A newly released study in this month's issue of the Journal of Nuclear Medicine has found that SPECT/CT is better than planar imaging in accurately determining lymph node involvement at radioablation performed for thyroid cancer.
In the study, researchers from the University of Erlangen-Nürnberg in Erlangen, Germany, also concluded that SPECT/CT might change the management of care for approximately one-fourth of patients with thyroid carcinoma by upstaging or downstaging their disease.
The study was published in the January issue of the Journal of Nuclear Medicine (January 2009, Vol. 50:1, pp. 18-23).
Researchers enrolled 65 patients in the study at the university's Clinic of Nuclear Medicine from January 2006 until October 2007. The patients were admitted for their first radioablation of differentiated thyroid carcinoma three to six weeks after thyroidectomy.
Post-therapeutic SPECT/CT was conducted on 54 patients; SPECT/CT was not available for technical or logistical reasons for 11 patients. Researchers also added three patients studied in 2005 with SPECT/CT at radioablation.
The study sample consisted of 22 men and 35 women, with a mean age of 49.6 years, ranging from 13 to 86 years. All patients had differentiated thyroid carcinoma confirmed by histology. Lymph node dissection was performed in 28 patients.
Planar whole-body scintigraphy and separate imaging of the neck were performed an average of 3.7 days after therapy, usually after a dose rate lower than 13 mSv per hour. Immediately after planar scintigraphy, a SPECT/CT scan was acquired using a hybrid camera combining a dual-head gamma camera with dual-slice or six-slice spiral CT (Symbia T2 or T6, respectively, Siemens Healthcare, Erlangen, Germany).
The planar scintigraphy images were acquired using the SPECT component of the hybrid camera, or a standalone dual-head gamma camera (Basicam, Siemens).
All patients underwent the routine planar imaging protocol at the university's clinic, including whole-body scans and spot planar images of the cervical and abdominal regions. Both SPECT and CT were acquired during shallow breathing with patients in a supine position. The time between SPECT and CT was less than three minutes.
In their analysis, the researchers found that planar imaging discovered 143 cervical foci of radioiodine uptake, and no additional foci were disclosed by SPECT/CT. In 28 of the 143 foci (19%), SPECT/CT led to a revision of the original diagnosis, with six of 11 lesions considered to be lymph node metastases and 11 of 15 lesions, initially considered indeterminate, reclassified as benign.
SPECT/CT also identified 11 lymph node metastases, which originally were misinterpreted as a thyroid remnant or classified as indeterminate on planar imaging.
The researchers also concluded that SPECT/CT determined or revised the planar imaging diagnosis in 24 of 57 patients, while in 20 of 57 patients, SPECT/CT garnered additional information on nodal stage.
|Fifty-four-year-old woman with differentiated papillary thyroid carcinoma after total thyroidectomy and lymph node dissection of centrocervical and left lateral compartment. Image A is planar scintigraphy, which shows two iodine-131-avid foci interpreted as thyroid remnant. Image B is SPECT/CT (left column) and CT (right column), which demonstrate that these foci correspond to lymph node metastases in the superior mediastinum. Images courtesy of the Journal of Nuclear Medicine and University of Erlangen-Nürnberg.|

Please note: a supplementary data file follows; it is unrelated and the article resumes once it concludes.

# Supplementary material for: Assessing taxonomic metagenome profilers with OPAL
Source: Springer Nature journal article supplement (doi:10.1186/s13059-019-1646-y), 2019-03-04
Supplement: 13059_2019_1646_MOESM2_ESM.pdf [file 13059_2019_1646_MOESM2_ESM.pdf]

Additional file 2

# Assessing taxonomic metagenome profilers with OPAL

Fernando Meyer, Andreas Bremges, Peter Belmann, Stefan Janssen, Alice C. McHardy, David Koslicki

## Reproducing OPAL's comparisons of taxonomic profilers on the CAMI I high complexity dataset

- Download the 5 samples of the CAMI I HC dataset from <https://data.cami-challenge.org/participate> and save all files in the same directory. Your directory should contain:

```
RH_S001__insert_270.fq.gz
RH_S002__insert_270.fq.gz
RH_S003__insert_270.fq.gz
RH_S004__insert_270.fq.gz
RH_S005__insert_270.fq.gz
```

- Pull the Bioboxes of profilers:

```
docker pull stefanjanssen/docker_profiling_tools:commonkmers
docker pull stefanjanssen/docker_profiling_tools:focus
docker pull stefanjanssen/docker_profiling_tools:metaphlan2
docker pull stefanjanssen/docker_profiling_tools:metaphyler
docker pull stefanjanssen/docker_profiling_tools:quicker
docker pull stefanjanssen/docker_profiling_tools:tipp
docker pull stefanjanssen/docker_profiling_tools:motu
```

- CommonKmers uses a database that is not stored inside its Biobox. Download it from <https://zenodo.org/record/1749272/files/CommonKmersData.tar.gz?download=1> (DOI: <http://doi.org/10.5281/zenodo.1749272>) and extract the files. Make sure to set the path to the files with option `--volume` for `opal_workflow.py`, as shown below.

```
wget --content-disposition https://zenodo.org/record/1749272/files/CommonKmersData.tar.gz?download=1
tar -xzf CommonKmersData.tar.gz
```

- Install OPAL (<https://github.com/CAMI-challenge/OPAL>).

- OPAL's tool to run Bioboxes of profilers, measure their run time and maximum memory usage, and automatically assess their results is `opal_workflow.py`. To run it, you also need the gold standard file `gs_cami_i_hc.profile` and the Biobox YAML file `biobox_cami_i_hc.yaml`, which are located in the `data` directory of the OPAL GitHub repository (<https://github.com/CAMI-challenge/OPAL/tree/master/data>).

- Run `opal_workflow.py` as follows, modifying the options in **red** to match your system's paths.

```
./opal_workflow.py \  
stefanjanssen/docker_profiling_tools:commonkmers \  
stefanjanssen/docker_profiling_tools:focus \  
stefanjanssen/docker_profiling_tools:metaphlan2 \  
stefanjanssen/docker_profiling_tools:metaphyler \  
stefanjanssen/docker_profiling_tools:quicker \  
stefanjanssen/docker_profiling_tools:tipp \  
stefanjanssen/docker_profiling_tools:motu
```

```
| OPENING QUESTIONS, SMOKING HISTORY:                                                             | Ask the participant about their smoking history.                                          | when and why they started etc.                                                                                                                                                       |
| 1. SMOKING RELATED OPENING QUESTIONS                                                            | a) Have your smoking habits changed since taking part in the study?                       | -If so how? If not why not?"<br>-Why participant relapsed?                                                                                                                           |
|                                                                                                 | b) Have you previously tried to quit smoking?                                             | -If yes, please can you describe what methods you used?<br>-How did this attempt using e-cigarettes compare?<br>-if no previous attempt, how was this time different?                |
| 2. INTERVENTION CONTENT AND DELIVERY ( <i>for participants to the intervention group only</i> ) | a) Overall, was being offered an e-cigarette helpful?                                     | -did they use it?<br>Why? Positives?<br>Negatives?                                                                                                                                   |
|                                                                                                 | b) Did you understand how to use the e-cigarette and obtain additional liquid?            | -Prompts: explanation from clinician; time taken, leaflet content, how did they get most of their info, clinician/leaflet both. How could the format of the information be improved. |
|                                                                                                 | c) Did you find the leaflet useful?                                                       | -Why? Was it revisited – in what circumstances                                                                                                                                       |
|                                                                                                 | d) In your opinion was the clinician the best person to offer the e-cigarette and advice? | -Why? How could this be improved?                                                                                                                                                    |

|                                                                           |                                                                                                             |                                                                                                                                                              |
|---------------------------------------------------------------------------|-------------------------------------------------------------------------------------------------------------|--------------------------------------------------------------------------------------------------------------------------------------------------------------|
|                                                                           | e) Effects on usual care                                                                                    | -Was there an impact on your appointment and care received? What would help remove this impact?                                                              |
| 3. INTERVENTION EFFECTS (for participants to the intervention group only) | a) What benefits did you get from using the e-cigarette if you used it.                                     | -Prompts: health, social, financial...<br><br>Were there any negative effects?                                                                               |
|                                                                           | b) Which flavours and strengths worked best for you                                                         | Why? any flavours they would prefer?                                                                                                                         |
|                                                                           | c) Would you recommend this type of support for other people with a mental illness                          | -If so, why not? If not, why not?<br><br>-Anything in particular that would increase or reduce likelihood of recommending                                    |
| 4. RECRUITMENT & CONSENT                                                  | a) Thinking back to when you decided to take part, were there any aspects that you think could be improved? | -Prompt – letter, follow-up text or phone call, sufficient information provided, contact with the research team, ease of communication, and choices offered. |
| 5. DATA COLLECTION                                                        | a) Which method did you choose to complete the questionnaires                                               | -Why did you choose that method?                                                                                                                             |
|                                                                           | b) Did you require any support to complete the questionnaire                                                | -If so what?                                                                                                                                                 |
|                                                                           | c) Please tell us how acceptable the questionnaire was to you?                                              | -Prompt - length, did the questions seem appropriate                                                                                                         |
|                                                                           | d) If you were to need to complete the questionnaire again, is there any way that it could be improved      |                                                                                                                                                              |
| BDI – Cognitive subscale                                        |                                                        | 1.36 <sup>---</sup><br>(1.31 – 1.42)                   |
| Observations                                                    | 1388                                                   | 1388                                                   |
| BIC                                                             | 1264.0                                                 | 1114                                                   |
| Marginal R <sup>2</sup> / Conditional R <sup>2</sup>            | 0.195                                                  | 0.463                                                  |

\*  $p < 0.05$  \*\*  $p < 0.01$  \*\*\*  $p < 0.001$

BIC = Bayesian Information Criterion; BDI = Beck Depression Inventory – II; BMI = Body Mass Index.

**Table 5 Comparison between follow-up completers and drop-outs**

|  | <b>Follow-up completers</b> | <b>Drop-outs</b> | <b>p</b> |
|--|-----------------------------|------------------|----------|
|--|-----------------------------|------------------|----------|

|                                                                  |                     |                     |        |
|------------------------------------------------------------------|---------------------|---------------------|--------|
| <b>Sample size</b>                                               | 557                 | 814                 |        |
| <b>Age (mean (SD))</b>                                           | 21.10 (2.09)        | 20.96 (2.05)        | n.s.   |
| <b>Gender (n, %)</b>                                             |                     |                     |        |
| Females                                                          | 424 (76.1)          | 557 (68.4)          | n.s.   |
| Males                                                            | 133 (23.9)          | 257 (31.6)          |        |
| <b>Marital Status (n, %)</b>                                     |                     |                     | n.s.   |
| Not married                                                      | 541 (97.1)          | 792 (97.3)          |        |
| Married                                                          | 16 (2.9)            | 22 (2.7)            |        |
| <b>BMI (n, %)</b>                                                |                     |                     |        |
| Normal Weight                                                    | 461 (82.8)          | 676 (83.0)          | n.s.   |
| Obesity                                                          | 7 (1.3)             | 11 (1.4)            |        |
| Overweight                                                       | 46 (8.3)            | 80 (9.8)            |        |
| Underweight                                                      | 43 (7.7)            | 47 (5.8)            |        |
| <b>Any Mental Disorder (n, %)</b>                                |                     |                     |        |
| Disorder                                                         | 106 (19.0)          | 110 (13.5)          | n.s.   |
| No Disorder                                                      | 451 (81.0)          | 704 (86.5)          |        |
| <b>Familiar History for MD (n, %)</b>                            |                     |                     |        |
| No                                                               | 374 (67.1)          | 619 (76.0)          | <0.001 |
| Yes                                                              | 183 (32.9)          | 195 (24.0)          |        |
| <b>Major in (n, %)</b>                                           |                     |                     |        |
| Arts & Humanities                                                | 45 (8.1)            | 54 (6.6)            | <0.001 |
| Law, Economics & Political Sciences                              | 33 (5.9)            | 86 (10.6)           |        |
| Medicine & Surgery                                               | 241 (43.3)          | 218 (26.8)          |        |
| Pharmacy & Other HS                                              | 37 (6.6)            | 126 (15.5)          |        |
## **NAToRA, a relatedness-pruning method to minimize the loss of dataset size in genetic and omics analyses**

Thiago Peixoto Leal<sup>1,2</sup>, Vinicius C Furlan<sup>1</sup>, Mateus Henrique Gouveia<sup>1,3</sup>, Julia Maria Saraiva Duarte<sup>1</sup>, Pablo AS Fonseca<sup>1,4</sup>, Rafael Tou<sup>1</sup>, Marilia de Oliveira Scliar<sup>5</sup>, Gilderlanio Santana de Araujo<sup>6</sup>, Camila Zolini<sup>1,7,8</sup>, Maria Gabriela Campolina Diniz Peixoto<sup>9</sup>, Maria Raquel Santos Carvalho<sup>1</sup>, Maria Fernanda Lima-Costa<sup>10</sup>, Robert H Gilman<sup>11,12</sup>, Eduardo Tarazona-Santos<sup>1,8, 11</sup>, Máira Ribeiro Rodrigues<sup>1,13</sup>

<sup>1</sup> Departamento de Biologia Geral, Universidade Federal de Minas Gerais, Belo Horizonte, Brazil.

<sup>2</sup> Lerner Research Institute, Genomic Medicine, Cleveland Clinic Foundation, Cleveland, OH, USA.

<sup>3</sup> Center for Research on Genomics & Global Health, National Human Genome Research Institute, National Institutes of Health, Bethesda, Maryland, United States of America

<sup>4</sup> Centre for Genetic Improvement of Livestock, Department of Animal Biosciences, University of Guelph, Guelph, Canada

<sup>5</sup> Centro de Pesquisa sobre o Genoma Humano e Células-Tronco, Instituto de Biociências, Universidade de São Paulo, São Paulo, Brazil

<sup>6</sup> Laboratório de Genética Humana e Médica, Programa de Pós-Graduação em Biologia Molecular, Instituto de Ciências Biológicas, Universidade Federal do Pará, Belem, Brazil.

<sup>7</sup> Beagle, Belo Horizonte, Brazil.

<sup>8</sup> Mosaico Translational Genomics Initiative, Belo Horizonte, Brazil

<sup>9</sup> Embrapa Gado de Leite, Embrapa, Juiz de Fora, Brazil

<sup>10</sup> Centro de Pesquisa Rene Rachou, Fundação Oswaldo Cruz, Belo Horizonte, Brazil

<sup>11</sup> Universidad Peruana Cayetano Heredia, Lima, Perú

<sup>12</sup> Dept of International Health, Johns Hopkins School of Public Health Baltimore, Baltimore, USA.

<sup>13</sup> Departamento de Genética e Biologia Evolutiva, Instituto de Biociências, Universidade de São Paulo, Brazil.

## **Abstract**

SPECT/CT also was instrumental in the downstaging of disease in 12 patients compared to planar imaging, with upstaging of nodal stage occurring in eight patients. That change in risk stratification for planning follow-up occurred in 14 of 57 patients, with nine patients reclassified as low-risk and five patients as high-risk.
With those results, the authors concluded: "Compared with planar imaging, SPECT/CT yielded a gain in information on nodal stage in 35% of the patients studied. Furthermore, SPECT/CT altered risk stratification in 25%, thus altering follow-up in these subjects."
The researchers also noted that their results "suggest that SPECT/CT should be used as a routine procedure in [differentiated thyroid carcinoma] patients at the first radioablation," adding that "some drawbacks of the present data should still be considered," such as "SPECT/low-amperage CT [adding] a radiation dose ranging from 2 to 3 mSv to that of radioiodine."
With that caution, the researchers opined that the "hypothetical risk attributable to this dose is negligible compared with the obvious benefits of this hybrid imaging technology."
They recommended that additional research be pursued to determine if subgroups of differentiated thyroid carcinoma patients might benefit from SPECT/CT performed at radioablation.
"Our results should also motivate the creation of studies analyzing the impact of SPECT/CT on outcome variables, such as patient survival or its cost efficiency -- variables that were beyond the scope of the present publication," the authors wrote.
By Wayne Forrest
AuntMinnie.com staff writer
January 5, 2009
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